Still in the Garden



It amazes me what two years of neglect has done to my garden. Aunt Katie tells me that – years ago, when she was a student here – her class took a field trip to one of the outer islands. There, still coming up in rows, were remnants of gardens put in by a religious community that had made a home there. The gardens had been abandoned in 1927, at least fifteen years before my aunt’s visit there. At the rate my little plot was deteriorating, I doubt a visitor would find more than a weedy field in a few years!

With help, I have been able to get a good start on the garden this year, and I fully intend to be watching vegetables – rather than weeds – grow this summer! But what a lot of work! I have removed the garden fence, a series of cedar posts that enclosed a space much too large to be reasonable. I saved every one, to surround a smaller garden space.

From the large area that will eventually, now, be mow-able lawn, I have to dig up raspberries, asparagus and strawberries, then level out the raised beds. I am in the process of removing the overgrowth of berry brambles and grasses that took over what used to be my tomato garden. I plan to enclose a bed for strawberries there, and possibly another for asparagus.

The life of the raspberries is still in question. They are a lot of work (maybe too much work for the time I have?) to keep up, what with pruning and keeping up with their wild spread…but, oh, what beautiful large berries they produce, when they are taken care of!

The herb garden is so overgrown, I can hardly get a shovel in. My lovely sage plant has turned into a woody shrub that has crowded out just about everything else. Except for the grasses, which seem to persist, always. Lemon Balm, which I have in a pot because of its invasive nature, is barely hanging on. Even the chives, which have spread out of control in other years, seem to have disappeared.

In all the pathways between garden beds, herb garden and flower beds, two or three inches under the gritty soil – but sometimes even closer to the surface – is a layer of heavy black weed barrier. I had forgotten all about laying it down there, many years ago. The township had bought a chipper, for using materials cleared from road edges and intersections, and was selling wood chips at a tremendously good price. I bought a truckload. I put down the weed barrier and, wheelbarrow load by wheelbarrow load, moved all of those wood chips to the pathways and open spaces. I remember thinking, “The weeds won’t have a chance!”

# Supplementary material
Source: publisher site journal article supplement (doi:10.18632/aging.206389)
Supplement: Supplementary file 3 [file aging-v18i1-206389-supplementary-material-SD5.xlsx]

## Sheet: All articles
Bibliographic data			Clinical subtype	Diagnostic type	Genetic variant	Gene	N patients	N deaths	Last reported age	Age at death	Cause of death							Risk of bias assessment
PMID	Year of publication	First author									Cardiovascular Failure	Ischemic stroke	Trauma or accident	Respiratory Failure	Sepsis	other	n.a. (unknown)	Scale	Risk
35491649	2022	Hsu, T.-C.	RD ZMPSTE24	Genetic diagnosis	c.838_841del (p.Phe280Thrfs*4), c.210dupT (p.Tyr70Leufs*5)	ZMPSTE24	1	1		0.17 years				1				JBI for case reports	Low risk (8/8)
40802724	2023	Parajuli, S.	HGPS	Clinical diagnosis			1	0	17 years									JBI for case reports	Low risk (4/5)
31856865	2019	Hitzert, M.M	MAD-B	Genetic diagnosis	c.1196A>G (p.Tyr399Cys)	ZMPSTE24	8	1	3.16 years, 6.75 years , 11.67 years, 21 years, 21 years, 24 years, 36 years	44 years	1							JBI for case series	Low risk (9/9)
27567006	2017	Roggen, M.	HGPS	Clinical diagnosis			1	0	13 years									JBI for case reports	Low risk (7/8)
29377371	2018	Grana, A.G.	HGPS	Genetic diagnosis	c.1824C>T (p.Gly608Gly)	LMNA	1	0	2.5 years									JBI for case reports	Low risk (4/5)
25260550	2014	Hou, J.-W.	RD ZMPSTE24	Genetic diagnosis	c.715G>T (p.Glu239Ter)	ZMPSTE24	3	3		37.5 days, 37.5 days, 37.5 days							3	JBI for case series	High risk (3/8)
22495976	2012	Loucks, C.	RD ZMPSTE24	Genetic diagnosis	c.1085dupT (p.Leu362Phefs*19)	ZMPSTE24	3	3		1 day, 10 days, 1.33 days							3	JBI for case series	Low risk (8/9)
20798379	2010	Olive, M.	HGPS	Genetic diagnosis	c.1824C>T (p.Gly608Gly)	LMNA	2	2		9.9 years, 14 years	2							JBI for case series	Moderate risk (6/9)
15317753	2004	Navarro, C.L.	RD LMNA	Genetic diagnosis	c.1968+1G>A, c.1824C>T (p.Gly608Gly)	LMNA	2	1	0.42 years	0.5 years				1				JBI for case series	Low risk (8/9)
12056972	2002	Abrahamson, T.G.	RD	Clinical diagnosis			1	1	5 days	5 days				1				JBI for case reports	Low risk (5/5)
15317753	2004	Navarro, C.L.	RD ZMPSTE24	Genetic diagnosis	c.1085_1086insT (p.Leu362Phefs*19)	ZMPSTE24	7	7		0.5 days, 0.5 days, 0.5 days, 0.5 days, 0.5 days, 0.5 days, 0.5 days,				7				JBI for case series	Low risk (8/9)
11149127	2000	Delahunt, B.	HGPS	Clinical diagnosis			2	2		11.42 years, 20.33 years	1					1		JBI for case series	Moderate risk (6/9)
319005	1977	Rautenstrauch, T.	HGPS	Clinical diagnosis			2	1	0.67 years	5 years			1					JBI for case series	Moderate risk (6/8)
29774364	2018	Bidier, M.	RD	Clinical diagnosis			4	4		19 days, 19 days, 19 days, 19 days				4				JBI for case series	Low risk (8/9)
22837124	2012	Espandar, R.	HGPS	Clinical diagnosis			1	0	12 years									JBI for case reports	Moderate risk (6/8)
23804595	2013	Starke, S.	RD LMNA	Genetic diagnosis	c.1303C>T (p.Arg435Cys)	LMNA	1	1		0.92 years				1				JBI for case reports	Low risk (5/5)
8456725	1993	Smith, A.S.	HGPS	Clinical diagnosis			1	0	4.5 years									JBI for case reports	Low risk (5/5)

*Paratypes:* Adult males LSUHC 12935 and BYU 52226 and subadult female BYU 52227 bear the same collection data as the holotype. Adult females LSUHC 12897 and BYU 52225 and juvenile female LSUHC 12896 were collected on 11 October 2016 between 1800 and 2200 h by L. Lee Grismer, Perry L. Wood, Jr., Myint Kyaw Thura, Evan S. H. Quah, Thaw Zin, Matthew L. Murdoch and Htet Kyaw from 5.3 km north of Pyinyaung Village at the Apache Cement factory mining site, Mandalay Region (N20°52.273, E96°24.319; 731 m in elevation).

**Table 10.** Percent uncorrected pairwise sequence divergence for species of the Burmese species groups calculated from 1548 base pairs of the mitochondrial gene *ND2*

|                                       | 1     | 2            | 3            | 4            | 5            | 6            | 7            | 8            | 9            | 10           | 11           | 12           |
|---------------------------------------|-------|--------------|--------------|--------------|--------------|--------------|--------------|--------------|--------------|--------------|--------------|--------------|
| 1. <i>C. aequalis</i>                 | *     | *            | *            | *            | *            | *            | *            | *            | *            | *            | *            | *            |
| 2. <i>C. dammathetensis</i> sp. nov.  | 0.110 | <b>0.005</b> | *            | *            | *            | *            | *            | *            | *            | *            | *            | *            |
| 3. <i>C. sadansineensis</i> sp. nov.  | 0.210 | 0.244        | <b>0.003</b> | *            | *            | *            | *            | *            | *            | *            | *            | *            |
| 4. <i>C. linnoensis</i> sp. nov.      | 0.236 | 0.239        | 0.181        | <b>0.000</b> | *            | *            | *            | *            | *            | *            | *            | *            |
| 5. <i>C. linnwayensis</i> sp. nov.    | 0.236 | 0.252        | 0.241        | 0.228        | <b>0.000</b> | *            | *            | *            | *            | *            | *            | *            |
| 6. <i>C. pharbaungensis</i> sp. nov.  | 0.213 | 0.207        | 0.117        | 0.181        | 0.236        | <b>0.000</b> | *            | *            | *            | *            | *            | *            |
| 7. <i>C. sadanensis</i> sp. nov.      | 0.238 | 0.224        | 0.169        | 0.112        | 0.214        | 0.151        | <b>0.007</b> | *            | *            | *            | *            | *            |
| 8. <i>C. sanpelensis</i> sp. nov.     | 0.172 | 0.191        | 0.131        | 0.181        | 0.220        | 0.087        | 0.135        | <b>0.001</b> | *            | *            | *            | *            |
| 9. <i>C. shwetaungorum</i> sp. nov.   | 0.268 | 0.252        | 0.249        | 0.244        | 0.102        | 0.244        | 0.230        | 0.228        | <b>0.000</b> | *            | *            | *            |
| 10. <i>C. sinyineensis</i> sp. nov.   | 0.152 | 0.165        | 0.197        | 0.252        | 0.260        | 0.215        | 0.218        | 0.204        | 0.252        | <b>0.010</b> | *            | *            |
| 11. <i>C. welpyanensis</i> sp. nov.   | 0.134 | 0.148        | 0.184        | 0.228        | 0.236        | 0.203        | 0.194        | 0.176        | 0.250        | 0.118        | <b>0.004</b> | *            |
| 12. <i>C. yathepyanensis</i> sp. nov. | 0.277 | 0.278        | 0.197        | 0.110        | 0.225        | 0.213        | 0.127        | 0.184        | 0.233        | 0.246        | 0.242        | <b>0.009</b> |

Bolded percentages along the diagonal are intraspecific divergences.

The joke was on me. Wood chips deteriorated, creating soil that strange new weeds seem to thrive in. Grasses, sending roots across the ground, found any opening in my weed cloth, and came up to see the sun. With their roots protected by the sturdy cloth, any attempt at pulling the whole plant was foiled. Now, with a different plan, I am straining my back removing the weed barrier from areas where it would tangle in the blades of the mower.

To prepare for mowing, I have also had to dig out several boards and flat rocks that had once served decorative or useful purpose that I’ve now long forgotten. I’ve had to find places for totes and buckets that used to reside just inside the garden fence. I’ve raked up brambles and dug up weeds, hauled one load after another to the woods.

I’m still far from finished. It’s an ambitious undertaking. This year, as apposed to the last couple years, I have a direction. That, alone is a big help. No photos yet, but soon I’ll be ready to show off my progress!

About cindyricksgers

I am an artist. I live on an island in northern Lake Michigan, USA. I have two grown daughters, four strong, smart and handsome grandsons and one beautiful, intelligent and charming granddaughter. I live with two spoiled dogs. I love walking in the woods around my home, reading, writing and playing in my studio.

4 responses »

  1. I do sympathise, our garden was a jungle when we took it over and I still battle rampant weeds (although if I battled more often I’d have a better chance of winning the war). You sound as though you’ve made huge progress … congratulations and keep up the good work!

  2. I was so impressed and reassured by your 5 wheelbarrow loads of weeds. I certainly have a few wheelbarrow loads myself (I’ve only started). My query – large raspberries. What is your secret? We have, to be polite, diminutive berries. And I am impressed by their incredibly intricate creeping roots and black hair-like things that reach incredible lengths. I would like to like them. If they got bigger maybe I would.

    • I had tried raspberries twice before, and was discouraged by their invasive habit, thorns, general buggy-ness, and lack of production. I could walk into my own field and find wild raspberries larger and more pest free than the ones I labored over! The Erbers convinced me to try again. She was thinning out her raspberry patch, and told me what lovely berries they were. I transplanted some canes, and – until I neglected them so badly – have been very pleased with them. I will have extras that won’t fir in the allotted space for transplant, if you’d like a few canes.

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